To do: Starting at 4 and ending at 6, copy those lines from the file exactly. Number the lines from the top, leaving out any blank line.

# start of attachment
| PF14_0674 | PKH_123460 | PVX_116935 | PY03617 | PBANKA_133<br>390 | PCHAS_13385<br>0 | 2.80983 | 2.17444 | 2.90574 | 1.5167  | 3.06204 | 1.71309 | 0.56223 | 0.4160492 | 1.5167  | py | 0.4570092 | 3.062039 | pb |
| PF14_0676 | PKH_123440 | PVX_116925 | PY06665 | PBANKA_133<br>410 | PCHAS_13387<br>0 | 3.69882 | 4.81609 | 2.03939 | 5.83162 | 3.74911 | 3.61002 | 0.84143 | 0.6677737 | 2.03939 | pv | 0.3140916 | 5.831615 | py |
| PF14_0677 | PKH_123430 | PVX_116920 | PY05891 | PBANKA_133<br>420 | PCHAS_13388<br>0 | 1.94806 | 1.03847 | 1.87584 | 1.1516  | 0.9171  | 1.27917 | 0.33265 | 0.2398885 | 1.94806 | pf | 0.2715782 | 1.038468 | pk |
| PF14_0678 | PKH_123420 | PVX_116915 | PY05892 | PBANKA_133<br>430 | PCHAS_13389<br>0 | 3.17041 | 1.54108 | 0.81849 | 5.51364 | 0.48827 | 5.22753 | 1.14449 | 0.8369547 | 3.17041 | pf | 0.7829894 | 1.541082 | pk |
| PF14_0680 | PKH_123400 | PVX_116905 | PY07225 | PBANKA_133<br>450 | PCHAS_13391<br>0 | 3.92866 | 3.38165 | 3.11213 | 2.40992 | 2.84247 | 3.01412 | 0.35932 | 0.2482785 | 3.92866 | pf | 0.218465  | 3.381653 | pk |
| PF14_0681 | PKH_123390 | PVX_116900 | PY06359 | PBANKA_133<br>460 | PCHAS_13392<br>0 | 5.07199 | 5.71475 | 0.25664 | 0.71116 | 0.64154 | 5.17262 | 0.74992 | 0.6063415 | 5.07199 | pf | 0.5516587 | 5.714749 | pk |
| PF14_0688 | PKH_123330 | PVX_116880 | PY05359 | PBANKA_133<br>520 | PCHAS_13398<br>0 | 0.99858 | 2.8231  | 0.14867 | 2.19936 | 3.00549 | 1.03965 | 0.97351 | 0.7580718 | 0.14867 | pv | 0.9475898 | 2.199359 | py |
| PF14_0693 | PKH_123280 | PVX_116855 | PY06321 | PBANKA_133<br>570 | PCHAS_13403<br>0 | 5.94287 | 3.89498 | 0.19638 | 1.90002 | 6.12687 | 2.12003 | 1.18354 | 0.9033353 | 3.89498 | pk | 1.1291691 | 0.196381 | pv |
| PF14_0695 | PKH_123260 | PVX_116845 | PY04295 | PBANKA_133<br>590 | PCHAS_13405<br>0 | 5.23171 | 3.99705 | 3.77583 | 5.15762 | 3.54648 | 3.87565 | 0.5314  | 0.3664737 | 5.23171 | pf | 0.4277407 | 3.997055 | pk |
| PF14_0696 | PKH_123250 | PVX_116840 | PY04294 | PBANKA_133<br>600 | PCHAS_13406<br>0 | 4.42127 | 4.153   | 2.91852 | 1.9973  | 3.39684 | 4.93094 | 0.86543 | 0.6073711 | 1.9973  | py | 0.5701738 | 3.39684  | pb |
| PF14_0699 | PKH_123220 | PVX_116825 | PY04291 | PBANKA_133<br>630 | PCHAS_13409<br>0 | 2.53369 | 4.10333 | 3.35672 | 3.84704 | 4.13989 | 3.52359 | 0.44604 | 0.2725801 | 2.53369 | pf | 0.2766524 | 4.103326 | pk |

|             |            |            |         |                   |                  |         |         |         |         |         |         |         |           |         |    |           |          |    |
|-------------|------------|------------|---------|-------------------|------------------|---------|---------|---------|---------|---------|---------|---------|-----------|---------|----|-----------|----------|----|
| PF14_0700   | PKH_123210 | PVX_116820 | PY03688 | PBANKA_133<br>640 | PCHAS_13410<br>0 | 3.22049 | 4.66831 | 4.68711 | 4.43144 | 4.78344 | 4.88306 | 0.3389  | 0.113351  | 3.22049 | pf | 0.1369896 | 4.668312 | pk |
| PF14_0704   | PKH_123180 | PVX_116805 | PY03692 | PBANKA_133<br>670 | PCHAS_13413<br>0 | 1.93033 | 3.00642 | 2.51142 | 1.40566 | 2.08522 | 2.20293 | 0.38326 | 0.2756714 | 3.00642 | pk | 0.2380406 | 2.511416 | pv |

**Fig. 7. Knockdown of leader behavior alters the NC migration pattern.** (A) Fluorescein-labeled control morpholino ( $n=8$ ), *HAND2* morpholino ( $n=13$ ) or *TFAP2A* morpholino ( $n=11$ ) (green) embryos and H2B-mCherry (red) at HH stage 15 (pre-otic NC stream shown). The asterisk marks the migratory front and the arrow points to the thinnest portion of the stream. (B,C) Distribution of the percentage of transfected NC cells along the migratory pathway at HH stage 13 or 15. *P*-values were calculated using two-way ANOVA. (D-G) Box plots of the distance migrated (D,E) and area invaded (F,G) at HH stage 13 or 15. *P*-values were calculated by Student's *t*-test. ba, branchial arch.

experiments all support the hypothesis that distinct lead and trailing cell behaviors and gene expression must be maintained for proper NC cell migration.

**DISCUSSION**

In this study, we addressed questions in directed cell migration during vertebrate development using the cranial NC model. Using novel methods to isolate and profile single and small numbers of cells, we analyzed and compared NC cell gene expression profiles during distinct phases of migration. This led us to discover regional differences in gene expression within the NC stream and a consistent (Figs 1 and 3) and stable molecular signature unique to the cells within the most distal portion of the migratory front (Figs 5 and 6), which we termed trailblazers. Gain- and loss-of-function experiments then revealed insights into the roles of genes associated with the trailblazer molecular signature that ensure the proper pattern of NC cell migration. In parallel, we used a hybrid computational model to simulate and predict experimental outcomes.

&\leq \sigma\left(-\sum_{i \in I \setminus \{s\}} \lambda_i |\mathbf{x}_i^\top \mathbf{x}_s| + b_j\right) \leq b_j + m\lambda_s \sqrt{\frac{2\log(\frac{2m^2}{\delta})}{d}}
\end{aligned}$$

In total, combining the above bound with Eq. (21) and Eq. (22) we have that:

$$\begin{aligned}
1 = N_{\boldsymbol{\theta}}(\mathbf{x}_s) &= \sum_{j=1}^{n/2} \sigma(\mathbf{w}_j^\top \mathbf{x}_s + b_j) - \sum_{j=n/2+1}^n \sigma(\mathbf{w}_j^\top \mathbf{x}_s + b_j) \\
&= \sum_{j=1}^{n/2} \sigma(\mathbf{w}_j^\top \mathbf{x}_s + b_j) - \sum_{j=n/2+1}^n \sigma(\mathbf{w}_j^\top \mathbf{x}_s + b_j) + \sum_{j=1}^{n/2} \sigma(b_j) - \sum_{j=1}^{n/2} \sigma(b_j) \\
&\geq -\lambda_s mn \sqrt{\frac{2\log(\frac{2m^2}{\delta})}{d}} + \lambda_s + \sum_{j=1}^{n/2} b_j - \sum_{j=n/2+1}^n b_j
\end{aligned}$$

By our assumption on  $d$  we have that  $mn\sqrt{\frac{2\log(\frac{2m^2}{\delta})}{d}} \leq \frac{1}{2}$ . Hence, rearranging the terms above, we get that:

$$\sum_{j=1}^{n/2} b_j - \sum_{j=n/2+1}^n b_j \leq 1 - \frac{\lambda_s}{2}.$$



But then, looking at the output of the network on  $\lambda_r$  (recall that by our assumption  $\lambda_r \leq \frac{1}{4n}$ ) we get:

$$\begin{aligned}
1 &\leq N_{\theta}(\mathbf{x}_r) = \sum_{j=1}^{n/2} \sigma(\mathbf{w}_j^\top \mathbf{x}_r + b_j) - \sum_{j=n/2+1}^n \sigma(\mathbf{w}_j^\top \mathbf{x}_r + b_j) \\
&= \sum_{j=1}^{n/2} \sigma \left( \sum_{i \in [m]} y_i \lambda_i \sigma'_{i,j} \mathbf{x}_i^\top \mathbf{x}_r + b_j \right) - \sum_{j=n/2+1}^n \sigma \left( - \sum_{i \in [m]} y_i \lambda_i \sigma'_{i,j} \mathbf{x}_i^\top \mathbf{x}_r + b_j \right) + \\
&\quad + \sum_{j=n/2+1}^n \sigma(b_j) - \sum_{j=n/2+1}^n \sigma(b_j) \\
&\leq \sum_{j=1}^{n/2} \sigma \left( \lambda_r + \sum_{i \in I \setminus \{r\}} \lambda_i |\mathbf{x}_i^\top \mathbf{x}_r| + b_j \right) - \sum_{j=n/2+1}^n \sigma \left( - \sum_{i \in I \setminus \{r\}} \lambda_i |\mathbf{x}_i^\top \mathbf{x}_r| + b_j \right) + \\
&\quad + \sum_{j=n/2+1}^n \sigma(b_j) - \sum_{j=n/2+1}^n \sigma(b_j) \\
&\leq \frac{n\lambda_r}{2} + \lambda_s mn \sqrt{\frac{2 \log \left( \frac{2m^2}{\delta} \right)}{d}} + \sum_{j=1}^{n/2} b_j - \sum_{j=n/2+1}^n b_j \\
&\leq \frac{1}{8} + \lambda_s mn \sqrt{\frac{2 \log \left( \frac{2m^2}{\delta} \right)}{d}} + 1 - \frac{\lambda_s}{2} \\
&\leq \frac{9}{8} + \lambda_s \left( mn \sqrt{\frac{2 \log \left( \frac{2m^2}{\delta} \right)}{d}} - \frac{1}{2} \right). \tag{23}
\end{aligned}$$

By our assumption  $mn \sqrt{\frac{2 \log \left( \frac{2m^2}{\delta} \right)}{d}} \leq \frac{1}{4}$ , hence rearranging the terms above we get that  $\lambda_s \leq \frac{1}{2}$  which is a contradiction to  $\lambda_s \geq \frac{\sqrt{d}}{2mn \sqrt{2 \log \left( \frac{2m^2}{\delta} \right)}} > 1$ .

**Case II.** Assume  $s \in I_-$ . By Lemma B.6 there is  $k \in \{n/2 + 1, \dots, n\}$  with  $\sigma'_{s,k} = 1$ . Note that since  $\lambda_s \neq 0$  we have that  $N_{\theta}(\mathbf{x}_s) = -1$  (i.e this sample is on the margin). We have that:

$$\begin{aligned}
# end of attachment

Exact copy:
| PF14_0678 | PKH_123420 | PVX_116915 | PY05892 | PBANKA_133<br>430 | PCHAS_13389<br>0 | 3.17041 | 1.54108 | 0.81849 | 5.51364 | 0.48827 | 5.22753 | 1.14449 | 0.8369547 | 3.17041 | pf | 0.7829894 | 1.541082 | pk |
| PF14_0680 | PKH_123400 | PVX_116905 | PY07225 | PBANKA_133<br>450 | PCHAS_13391<br>0 | 3.92866 | 3.38165 | 3.11213 | 2.40992 | 2.84247 | 3.01412 | 0.35932 | 0.2482785 | 3.92866 | pf | 0.218465  | 3.381653 | pk |
| PF14_0681 | PKH_123390 | PVX_116900 | PY06359 | PBANKA_133<br>460 | PCHAS_13392<br>0 | 5.07199 | 5.71475 | 0.25664 | 0.71116 | 0.64154 | 5.17262 | 0.74992 | 0.6063415 | 5.07199 | pf | 0.5516587 | 5.714749 | pk |